In lieu of an abstract, here is a brief excerpt of the content:

“SEEING IN A NEW LIGHT”: FROM REMEMBERING TO REFORMING IN ECUMENICAL DIALOGUE Margaret O’Gara* Ecumenism is a means of reforming the Church, and such reform is made possible in part when history is seen in a new way. The Joint Declaration on the Doctrine of Justification speaks of seeing once-divisive questions and condemnations “in a new light.”1 By shining this new light into the darkness of past disputes about justification, Catholics and Lutherans were able to see these past disputes more clearly and to overcome the divisions they caused. Here, remembering became a means of reform. 1. Reflecting on Remembering Together While it may seem obvious, the part played in ecumenical dialogue by a new common view of history is not always noticed or discussed. But some agreed statements include actual comments on the process of remembering history together and the transformation that results. For example , the report of the International Dialogue between the Catholic Church and the Mennonite World Conference explains how members reread certain periods of church history together in an atmosphere of openness that was “invaluable.”2 Such openness allowed a broader view of Christian history and counteracted the loss of perspective resulting from centuries of separation. Commission members write, “Our common rereading of the history of the church will hopefully contribute to the development of a common interpretation of the past. This can lead to a shared new memory and understanding. In turn, a shared new memory can free us from the prison of the past.”3 And the Joint Declaration on the Doctrine of Justification of the Lutheran World Federation and the Roman Catholic Church explains that, when their churches overcome earlier controversial questions and doctrinal condemnations, they “neiThe Jurist 71 (2011) 59–76 59 * Faculty of Theology, University of St. Michael’s College, Toronto 1 Lutheran World Federation and the Roman Catholic Church, Joint Declaration on the Doctrine of Justification (Grand Rapids, MI & Cambridge, U.K.: Eerdmans, 1999) #7. 2 International Dialogue between the Catholic Church and the Mennonite World Conference, “Called Together To Be Peacemakers,” htm, #26. 3 Ibid., #27. 60 the jurist ther take the condemnations lightly nor do they disavow their own past.”4 On the contrary, the Joint Declaration explains, the churches have come to new insights in their histories. “Developments have taken place that not only make possible but also require the churches to examine the divisive questions and condemnations and see them in a new light,” it claims.5 Convergence is possible because of recent biblical studies as well as “modern investigations of the history of theology and dogma,” it continues.6 Nevertheless, while the doctrinal condemnations of the sixteenth century on justification appear “in a new light,”7 nothing is “taken away” from their “seriousness”: some were not “simply pointless” and “they remain for us ‘salutary warnings’ to which we must attend in our teaching and practice.”8 Like these agreed statements, the encyclical on ecumenism of Pope John Paul II also drew explicit attention to the process of the “necessary purification of past memories.”9 John Paul II believed that Christians of different churches have not known each other well, and that we have inherited misunderstandings and prejudices about each other from the past10 that lead to misgivings in the present. The purification of memories calls first for a repentance and conversion, so that we change “our way of looking at things,” he writes. Only then are we ready for a new look at the past, since disciples of the Lord “are called to reexamine together their painful past and the hurt which that past regrettably continues to provoke even today.”11 In this reexamination, he explains, they are invited by the Gospel “to acknowledge with sincere and total objectivity the mistakes made and the contingent factors at work at the origins of their deplorable divisions. What is needed,” he continues, “is a calm, clear-sighted and truthful vision of things, a vision enlivened by divine mercy and capable of freeing people’s minds and of inspiring in everyone a renewed willingness, precisely with a view to proclaiming the Gospel to the men and women of every people and...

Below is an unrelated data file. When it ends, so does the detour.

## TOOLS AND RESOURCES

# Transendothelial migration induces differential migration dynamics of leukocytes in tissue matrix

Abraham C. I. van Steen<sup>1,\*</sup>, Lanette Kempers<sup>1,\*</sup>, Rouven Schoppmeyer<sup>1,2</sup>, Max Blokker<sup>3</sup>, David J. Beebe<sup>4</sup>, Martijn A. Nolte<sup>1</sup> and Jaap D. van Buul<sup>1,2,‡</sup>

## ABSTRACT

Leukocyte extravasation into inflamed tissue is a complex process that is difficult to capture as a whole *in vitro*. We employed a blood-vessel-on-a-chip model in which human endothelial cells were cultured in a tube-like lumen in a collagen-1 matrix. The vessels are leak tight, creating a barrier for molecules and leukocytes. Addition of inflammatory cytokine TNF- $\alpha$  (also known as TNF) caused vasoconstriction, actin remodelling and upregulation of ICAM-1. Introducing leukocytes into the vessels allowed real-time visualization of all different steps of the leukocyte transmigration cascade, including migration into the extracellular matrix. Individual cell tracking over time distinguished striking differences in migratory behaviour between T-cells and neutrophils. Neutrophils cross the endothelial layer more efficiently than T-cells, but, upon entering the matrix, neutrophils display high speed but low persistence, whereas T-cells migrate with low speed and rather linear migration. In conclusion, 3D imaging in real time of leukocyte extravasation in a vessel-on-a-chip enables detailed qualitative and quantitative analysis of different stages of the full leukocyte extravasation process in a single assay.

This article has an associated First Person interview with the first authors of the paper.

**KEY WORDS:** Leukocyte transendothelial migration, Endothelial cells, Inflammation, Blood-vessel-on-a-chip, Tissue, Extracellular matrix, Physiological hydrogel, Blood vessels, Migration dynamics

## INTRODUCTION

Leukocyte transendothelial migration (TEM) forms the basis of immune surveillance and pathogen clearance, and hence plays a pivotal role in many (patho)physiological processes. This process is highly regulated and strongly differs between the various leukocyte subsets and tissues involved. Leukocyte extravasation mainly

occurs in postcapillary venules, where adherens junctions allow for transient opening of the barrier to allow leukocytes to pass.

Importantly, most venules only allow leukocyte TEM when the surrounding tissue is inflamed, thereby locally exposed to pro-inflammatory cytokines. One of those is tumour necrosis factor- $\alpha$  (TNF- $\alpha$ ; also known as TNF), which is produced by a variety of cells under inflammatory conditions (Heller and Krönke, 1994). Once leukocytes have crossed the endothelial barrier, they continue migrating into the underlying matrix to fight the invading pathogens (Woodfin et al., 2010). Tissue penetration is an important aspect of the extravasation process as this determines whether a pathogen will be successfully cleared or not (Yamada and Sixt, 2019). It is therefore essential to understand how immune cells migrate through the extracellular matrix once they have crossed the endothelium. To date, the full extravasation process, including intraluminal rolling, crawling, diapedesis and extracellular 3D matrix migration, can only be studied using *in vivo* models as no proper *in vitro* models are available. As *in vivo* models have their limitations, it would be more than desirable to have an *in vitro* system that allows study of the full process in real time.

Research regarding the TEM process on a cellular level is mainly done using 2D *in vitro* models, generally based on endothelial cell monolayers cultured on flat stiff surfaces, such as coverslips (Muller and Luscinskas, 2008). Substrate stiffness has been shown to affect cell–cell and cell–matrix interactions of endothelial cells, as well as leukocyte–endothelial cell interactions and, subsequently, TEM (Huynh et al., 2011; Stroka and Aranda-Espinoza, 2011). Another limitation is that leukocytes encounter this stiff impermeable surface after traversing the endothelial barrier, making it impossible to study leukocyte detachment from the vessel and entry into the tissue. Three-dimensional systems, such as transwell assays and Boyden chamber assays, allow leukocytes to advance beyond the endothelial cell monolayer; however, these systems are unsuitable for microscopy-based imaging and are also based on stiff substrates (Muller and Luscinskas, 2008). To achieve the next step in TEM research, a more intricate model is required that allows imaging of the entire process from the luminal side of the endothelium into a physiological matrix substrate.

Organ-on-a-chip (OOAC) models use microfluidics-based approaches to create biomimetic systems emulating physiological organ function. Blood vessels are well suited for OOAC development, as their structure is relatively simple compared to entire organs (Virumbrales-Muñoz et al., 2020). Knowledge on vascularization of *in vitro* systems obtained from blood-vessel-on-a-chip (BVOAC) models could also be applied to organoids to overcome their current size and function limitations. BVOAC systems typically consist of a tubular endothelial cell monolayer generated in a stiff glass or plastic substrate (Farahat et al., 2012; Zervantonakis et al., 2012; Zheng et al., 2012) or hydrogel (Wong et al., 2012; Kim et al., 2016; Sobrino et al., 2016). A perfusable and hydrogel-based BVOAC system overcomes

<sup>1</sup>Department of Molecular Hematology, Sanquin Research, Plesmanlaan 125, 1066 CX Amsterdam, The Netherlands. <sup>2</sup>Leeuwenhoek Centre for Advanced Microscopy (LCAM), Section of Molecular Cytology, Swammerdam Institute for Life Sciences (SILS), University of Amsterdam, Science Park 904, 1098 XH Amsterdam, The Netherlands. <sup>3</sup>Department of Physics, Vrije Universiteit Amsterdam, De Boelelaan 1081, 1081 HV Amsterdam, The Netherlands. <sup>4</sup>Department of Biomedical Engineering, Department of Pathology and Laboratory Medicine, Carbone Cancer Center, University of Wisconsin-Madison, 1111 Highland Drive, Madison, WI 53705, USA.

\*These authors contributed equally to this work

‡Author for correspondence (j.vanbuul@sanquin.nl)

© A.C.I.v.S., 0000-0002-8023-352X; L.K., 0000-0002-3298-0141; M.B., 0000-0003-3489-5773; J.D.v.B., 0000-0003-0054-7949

Additional Information

Print ISSN
pp. 59-76
Launched on MUSE
Open Access
Back To Top

This website uses cookies to ensure you get the best experience on our website. Without cookies your experience may not be seamless.